For today’s children and teenagers, a computer is a necessity, or very close to it. It’s a resource for both schoolwork and play. Older teenagers may even need it for a part-time job. It’s therefore important that you set up your child’s computer desk in a way that promotes healthy working. Here are six tips to help.
Invest in a height-adjustable chair
You can buy office chairs sized for children. Older teens can use a regular adult office chair. Either option will allow the chair’s height to be adjusted as they grow. This is essential for making sure that they always work in an ergonomic position.
Make sure their screen is at the right height
As with adults, the top of a screen should be at or just below eye level. The screen should also be positioned about an arm’s length away from the viewer. If there’s space for a separate monitor, you can put it on an adjustable arm. This will allow you to raise the height as your child grows.
If you don’t have an external monitor then a laptop stand is a wise investment. Again, choose one which is adjustable so you can change up the height as your child grows. Wooden stands are a good option as they stay cooler than metal ones. Even so, it’s advisable to choose a laptop stand which has holes for ventilation.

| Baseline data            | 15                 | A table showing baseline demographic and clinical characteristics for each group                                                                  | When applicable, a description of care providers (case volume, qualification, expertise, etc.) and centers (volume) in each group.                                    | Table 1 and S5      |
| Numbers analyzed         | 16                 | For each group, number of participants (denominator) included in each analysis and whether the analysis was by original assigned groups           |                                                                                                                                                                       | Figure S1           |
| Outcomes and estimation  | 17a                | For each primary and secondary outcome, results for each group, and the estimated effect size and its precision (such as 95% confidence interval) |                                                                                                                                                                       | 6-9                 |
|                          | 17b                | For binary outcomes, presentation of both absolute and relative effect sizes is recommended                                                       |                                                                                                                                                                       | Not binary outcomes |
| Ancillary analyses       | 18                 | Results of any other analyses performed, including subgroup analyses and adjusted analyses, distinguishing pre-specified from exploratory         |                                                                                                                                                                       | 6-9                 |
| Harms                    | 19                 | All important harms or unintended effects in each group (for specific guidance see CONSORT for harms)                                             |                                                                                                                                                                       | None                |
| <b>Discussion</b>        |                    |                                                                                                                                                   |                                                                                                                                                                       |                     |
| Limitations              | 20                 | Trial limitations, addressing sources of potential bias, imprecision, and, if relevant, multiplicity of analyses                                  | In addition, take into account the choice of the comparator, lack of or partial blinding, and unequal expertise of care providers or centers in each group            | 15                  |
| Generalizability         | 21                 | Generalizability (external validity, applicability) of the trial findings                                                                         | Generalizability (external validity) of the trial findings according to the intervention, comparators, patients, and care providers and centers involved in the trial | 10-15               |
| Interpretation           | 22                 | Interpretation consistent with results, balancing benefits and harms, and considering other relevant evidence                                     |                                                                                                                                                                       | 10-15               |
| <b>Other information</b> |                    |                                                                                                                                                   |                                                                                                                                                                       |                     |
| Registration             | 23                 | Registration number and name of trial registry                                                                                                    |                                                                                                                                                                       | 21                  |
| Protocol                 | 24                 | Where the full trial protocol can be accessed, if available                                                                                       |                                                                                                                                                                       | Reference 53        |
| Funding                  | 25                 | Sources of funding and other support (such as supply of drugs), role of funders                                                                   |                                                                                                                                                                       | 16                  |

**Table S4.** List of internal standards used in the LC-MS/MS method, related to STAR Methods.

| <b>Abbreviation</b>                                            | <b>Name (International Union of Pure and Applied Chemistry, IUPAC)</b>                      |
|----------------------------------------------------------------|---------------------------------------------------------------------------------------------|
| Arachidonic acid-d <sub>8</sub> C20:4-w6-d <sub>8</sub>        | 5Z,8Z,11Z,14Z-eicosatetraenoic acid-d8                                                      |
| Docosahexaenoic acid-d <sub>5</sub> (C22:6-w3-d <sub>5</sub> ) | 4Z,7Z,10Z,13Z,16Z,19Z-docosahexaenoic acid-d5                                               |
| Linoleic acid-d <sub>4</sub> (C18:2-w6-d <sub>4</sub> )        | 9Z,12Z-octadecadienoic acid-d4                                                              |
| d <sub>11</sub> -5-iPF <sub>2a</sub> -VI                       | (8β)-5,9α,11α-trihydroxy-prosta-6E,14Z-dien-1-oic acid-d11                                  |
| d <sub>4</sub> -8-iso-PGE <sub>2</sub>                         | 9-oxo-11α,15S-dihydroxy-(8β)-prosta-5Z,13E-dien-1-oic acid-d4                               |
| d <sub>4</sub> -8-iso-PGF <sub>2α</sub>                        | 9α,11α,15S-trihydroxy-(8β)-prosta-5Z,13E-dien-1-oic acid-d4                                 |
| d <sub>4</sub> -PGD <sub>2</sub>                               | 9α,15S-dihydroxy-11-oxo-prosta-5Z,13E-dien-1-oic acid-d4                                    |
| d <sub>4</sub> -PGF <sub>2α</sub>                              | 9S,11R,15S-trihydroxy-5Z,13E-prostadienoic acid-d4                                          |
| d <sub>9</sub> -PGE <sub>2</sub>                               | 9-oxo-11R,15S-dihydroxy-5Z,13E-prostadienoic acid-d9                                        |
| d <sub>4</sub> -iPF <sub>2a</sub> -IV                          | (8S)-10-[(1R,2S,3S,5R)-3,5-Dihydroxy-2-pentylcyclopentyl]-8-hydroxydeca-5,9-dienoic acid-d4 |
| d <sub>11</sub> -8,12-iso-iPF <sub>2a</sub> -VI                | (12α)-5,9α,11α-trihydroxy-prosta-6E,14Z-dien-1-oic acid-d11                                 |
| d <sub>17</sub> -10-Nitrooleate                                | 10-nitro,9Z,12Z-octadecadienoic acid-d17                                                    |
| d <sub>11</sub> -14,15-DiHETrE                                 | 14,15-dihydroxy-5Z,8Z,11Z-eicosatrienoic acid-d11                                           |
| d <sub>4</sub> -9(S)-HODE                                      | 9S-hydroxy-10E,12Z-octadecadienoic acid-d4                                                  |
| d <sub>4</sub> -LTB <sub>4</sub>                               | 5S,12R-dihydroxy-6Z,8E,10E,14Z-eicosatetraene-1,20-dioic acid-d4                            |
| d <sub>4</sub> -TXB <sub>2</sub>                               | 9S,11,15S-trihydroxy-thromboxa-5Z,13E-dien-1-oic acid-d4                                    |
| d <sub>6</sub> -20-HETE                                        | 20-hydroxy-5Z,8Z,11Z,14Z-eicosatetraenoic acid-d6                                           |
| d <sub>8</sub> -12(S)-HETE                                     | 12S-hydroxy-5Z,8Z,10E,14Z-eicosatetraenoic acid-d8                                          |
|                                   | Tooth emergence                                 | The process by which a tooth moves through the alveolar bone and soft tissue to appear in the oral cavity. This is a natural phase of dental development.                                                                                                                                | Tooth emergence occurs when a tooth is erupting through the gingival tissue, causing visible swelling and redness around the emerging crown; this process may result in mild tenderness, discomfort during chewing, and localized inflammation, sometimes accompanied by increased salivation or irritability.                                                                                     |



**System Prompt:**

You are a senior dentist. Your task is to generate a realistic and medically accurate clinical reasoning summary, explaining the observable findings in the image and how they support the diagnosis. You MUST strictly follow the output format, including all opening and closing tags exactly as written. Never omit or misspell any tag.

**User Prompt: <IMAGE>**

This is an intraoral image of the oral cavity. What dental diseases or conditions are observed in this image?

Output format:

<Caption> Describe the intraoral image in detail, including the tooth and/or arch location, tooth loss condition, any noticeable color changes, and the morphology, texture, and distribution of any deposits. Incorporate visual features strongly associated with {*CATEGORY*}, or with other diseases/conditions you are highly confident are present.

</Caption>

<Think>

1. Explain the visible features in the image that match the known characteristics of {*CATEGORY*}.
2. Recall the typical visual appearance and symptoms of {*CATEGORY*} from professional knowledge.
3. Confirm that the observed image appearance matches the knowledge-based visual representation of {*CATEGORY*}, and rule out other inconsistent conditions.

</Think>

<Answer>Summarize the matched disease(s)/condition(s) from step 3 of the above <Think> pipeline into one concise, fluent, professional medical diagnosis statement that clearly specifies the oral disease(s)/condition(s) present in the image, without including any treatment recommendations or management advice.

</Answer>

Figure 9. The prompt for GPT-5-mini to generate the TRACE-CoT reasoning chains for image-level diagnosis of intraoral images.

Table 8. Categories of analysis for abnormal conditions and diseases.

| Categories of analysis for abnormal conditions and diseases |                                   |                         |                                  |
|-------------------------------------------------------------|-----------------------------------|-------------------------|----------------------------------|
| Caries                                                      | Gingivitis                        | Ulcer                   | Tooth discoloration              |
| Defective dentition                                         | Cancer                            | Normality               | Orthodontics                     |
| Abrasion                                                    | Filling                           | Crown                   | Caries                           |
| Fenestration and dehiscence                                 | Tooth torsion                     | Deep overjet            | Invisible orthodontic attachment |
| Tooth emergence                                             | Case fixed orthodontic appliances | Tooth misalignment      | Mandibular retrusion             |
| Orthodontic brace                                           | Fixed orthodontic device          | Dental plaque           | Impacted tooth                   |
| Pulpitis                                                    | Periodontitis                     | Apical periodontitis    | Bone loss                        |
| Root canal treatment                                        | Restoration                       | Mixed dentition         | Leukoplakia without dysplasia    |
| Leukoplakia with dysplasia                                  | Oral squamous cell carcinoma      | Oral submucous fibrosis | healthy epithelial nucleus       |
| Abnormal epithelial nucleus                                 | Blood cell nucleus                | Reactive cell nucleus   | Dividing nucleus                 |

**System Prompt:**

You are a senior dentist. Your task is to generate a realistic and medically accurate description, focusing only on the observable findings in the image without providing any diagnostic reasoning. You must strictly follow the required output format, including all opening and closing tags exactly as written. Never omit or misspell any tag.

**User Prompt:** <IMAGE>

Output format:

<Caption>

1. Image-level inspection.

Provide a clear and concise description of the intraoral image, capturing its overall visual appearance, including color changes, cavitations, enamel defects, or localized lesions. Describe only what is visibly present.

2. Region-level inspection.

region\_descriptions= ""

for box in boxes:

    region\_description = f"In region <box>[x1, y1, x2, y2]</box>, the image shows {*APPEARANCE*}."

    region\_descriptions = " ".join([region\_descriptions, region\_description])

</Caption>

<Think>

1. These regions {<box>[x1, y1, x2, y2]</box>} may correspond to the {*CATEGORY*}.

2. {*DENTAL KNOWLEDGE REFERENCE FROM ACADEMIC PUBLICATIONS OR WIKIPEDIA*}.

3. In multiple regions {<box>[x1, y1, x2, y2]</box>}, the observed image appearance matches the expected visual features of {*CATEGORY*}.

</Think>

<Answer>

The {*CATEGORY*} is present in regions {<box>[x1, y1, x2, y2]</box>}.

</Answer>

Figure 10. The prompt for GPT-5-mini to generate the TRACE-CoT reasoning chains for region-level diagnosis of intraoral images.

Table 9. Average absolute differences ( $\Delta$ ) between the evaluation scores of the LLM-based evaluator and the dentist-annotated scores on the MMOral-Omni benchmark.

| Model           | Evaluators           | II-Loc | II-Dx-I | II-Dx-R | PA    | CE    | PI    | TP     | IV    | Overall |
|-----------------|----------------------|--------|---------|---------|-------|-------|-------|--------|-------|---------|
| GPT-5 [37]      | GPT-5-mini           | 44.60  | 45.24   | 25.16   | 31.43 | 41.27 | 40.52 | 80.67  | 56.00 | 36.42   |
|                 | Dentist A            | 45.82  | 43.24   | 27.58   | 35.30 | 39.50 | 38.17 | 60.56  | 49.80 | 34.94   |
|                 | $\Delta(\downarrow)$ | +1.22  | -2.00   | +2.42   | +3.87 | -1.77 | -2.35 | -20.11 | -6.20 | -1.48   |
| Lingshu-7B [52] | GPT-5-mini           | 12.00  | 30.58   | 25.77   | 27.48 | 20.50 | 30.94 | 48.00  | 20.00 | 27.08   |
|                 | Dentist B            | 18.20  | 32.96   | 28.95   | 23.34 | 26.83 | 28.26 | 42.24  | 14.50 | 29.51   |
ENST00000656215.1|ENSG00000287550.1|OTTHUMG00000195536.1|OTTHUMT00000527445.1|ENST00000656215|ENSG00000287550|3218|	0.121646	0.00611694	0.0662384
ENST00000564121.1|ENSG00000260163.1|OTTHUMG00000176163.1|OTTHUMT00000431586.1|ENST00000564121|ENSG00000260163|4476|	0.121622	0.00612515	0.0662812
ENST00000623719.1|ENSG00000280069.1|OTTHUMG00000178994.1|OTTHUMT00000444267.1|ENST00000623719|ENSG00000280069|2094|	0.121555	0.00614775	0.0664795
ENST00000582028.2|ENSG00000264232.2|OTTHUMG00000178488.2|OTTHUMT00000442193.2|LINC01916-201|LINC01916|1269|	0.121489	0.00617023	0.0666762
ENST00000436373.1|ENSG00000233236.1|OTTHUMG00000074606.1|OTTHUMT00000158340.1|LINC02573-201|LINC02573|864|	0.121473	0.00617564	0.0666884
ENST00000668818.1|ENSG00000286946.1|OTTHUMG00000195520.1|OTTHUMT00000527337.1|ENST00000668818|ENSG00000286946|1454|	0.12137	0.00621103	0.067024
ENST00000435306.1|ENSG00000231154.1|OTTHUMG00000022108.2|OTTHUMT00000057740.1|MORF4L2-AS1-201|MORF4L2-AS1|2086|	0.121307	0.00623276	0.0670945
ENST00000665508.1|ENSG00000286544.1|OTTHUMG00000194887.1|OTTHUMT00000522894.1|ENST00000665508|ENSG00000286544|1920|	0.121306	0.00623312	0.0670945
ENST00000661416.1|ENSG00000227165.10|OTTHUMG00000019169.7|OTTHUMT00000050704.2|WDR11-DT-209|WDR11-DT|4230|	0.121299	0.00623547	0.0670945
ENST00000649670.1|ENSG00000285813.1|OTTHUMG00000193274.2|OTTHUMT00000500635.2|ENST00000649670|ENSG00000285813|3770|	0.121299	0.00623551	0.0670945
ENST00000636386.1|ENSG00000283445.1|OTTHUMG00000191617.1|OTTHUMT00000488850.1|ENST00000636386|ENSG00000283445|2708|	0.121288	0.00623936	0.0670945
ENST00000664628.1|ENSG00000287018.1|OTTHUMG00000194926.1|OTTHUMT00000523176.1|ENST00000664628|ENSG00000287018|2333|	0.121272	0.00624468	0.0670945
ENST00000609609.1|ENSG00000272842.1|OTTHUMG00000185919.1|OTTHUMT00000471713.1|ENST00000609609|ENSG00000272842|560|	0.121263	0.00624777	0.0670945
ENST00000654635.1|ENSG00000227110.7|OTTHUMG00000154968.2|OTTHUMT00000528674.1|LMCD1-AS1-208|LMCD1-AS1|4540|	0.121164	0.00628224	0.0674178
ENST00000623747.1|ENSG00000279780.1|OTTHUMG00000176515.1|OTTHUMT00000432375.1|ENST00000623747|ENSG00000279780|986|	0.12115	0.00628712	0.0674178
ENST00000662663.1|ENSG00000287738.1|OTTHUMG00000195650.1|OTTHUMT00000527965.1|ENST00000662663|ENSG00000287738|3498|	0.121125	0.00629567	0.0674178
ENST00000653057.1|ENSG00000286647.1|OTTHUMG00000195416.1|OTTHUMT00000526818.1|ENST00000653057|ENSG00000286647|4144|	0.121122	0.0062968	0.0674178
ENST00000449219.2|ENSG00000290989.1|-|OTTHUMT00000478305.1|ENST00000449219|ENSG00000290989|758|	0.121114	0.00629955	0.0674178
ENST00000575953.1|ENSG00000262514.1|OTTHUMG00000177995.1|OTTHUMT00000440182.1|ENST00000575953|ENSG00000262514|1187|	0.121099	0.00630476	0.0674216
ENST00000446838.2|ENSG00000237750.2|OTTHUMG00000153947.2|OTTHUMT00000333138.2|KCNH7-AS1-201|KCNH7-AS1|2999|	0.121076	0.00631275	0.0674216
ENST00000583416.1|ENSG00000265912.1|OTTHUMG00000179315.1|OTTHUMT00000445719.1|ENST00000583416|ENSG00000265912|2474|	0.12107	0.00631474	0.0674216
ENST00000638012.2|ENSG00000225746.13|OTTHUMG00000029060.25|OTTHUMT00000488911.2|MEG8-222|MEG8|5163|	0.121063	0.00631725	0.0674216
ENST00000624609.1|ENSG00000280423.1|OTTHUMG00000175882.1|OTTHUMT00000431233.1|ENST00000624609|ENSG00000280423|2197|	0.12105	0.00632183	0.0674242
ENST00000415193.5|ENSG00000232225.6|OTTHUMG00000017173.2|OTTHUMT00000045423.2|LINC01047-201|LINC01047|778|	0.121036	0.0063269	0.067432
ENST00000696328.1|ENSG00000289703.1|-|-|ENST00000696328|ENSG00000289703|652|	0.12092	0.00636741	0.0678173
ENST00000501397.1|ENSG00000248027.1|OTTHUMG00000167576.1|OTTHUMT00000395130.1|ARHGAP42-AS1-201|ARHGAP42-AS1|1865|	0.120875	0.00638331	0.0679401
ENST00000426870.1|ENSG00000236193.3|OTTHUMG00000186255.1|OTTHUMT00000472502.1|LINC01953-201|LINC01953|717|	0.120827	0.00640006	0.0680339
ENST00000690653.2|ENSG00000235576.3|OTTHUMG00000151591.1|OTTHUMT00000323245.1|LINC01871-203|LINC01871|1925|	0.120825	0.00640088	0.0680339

Calibrate the screen settings
Screens allow you to calibrate brightness and contrast. You generally want to keep the brightness as low as possible and the contrast as high as possible. Test the settings with your child and see what works for them. You may need to adjust the settings at different times of the year as the light changes. Older children, however, might be able to do this themselves.
Get them a proper keyboard and mouse
If your child is using a laptop stand, then they’ll need a separate keyboard and mouse anyway. Even if they’re not, using a separate keyboard and mouse can give them a better experience and save wear-and-tear on the laptop.
Consider investing in a proper ergonomic mouse. They may look clunky but they’re actually very comfortable to use. They’re even fine for more delicate tasks like writing an online signature. Also, remember that mice can usually be calibrated to operate at different speeds. Try experimenting a bit to see what’s comfortable for your child.
Invest in a decent headset
Headsets may look much the same on the outside. On the inside, however, there are significant differences between them. Quality headsets do a much better job of relaying sound. This means that your child can hear the audio comfortably at a lower volume. That reduces the risk of them being exposed to excessive noise and potentially damaging their hearing.
Give them task lighting
Children should never just be using the light from the screen (neither should adults). They may, however, want something cozier than general room lighting. They may also need extra light for specific tasks. Make sure that they have access to a desk or wall lamp (or even a floor lamp) to shine a light wherever they need it.
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